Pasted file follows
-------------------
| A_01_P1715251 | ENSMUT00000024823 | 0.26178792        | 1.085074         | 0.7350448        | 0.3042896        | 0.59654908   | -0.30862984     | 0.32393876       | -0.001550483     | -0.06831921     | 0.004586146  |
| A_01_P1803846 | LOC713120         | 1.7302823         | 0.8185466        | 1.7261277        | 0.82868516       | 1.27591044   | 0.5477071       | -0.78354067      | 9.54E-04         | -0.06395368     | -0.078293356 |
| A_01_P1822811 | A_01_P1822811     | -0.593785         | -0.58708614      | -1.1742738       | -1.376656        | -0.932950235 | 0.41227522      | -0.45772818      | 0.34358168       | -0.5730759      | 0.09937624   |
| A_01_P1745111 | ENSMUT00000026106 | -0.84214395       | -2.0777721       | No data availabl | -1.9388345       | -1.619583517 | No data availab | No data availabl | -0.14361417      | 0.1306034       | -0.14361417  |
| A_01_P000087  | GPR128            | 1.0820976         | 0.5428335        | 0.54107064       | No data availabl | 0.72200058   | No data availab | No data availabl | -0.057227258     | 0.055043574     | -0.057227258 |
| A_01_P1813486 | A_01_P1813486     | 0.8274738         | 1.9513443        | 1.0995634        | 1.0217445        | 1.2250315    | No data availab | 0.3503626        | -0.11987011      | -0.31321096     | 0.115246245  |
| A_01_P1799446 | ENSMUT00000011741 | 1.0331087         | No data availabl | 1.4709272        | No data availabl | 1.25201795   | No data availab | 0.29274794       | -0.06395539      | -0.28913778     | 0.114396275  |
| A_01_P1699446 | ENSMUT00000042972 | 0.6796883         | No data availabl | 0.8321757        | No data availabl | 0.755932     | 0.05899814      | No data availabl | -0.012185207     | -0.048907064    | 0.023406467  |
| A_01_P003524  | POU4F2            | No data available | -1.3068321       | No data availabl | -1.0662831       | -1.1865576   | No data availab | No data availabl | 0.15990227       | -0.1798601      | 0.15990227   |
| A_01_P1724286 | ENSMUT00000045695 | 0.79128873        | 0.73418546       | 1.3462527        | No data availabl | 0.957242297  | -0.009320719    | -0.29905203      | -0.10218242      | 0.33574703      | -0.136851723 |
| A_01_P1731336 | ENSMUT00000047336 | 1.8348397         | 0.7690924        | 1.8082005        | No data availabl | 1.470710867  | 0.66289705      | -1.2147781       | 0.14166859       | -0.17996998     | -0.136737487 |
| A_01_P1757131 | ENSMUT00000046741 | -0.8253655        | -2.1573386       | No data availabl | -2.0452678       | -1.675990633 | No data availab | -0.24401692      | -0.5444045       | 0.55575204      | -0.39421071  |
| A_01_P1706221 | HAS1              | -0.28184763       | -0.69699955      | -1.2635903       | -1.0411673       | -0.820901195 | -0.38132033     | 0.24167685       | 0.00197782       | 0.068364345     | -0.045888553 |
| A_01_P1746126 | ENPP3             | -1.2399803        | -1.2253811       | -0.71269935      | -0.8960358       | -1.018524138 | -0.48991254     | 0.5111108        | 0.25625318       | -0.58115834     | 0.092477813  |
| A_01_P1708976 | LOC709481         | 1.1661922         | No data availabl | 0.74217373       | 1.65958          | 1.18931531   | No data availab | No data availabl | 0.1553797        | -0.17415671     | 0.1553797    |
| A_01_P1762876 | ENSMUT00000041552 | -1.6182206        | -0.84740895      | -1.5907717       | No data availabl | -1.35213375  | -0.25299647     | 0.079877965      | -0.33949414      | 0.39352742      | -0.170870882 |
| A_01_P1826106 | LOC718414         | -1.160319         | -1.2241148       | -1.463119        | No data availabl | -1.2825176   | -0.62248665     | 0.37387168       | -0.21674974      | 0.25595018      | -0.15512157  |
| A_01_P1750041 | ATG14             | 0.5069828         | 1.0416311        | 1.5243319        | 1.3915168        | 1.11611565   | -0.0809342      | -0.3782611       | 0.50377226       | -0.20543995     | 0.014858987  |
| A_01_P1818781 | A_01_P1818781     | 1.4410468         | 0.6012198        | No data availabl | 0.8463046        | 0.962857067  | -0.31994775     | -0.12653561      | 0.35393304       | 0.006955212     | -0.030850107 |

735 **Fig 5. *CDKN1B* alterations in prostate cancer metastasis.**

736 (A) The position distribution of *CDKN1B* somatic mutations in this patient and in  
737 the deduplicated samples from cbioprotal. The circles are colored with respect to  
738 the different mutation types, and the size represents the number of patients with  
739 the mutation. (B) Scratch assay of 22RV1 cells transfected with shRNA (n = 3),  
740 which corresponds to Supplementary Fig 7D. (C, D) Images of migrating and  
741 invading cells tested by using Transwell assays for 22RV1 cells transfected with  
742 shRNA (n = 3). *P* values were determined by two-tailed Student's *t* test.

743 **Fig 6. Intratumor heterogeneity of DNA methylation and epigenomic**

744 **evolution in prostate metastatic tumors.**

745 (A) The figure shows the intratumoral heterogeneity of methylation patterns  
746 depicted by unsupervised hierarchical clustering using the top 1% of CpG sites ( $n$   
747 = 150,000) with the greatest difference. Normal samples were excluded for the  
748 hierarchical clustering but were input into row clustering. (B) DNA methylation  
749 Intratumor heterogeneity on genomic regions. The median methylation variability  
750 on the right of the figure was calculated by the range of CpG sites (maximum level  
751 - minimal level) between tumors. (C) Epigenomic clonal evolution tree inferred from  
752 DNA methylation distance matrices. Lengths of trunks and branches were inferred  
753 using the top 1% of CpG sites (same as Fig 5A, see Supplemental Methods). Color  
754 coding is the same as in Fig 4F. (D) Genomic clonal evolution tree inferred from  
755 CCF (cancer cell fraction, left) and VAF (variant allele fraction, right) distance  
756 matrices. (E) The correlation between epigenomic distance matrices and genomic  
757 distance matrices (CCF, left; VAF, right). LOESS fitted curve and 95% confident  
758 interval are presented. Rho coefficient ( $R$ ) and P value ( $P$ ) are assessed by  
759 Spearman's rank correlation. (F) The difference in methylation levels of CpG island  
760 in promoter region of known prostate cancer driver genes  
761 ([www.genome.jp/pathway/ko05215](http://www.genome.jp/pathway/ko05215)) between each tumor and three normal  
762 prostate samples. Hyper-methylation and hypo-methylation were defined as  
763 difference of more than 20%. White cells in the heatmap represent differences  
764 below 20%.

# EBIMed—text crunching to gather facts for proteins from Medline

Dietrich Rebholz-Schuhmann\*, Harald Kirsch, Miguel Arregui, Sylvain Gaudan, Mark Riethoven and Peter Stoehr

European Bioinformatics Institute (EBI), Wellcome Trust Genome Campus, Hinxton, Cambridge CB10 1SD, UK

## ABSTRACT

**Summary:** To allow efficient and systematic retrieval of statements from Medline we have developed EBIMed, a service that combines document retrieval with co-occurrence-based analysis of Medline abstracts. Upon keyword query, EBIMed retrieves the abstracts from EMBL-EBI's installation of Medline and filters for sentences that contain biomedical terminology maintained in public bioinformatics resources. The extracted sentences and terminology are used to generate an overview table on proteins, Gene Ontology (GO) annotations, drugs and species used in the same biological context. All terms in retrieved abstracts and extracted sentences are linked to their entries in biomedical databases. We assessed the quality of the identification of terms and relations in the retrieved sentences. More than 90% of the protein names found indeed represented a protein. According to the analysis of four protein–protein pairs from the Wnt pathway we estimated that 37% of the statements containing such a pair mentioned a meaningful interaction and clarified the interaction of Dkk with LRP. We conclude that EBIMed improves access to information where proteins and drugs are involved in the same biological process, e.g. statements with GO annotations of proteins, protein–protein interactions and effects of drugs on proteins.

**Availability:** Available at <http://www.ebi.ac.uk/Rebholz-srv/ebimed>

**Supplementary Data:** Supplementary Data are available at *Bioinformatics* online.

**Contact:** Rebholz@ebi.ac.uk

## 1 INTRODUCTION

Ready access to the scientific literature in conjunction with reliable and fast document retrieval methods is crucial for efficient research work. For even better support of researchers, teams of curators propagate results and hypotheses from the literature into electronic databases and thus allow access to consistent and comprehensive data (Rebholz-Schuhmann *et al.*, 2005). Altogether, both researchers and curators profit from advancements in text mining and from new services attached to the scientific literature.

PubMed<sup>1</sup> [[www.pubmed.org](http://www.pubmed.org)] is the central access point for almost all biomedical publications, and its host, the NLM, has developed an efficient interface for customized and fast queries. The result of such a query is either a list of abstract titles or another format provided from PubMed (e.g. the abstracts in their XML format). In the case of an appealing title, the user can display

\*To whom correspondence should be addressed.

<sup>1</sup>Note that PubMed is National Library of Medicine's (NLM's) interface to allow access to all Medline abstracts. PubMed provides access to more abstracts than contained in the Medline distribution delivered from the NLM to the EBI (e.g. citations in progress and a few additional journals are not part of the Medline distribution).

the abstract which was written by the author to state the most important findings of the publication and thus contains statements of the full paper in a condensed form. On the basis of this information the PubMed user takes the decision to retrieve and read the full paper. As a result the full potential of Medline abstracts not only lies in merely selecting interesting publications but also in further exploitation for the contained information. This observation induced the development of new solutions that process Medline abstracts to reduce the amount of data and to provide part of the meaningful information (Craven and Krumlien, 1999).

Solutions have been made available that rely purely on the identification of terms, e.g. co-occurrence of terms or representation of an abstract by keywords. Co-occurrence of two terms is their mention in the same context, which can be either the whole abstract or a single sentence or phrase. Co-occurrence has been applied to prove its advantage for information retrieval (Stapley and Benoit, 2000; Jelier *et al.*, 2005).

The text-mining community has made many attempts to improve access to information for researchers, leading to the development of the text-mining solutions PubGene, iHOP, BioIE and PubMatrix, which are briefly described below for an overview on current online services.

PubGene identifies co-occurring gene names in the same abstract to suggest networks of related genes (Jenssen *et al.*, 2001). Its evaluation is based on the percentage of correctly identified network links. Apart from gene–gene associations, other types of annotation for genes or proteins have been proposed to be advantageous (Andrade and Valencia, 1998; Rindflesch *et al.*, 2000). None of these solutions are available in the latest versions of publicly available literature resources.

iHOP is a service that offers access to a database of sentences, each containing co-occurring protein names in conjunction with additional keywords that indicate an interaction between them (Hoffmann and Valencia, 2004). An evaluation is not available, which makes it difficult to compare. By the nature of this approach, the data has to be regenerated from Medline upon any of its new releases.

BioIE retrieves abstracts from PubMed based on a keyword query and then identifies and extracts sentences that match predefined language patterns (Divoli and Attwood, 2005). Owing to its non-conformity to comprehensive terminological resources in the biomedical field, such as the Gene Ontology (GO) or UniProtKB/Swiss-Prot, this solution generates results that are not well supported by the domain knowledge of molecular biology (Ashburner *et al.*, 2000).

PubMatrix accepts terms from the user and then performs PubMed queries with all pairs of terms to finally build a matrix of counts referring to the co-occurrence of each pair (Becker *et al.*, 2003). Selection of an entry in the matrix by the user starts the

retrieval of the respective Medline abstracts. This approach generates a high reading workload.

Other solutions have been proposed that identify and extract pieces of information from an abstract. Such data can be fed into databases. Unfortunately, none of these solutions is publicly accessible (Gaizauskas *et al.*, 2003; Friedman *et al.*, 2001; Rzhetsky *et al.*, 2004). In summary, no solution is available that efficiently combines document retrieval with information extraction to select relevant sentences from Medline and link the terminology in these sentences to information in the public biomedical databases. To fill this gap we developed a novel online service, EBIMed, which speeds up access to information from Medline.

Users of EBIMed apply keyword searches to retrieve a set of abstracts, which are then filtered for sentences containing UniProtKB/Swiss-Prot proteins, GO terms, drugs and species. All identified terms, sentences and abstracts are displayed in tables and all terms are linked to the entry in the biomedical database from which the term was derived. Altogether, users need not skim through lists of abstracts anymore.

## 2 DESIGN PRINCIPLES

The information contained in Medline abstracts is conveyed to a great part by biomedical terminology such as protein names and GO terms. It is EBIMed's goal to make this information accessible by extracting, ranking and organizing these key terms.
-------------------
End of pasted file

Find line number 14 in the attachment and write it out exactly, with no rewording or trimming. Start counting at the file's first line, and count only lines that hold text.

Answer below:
| A_01_P1746126 | ENPP3             | -1.2399803        | -1.2253811       | -0.71269935      | -0.8960358       | -1.018524138 | -0.48991254     | 0.5111108        | 0.25625318       | -0.58115834     | 0.092477813  |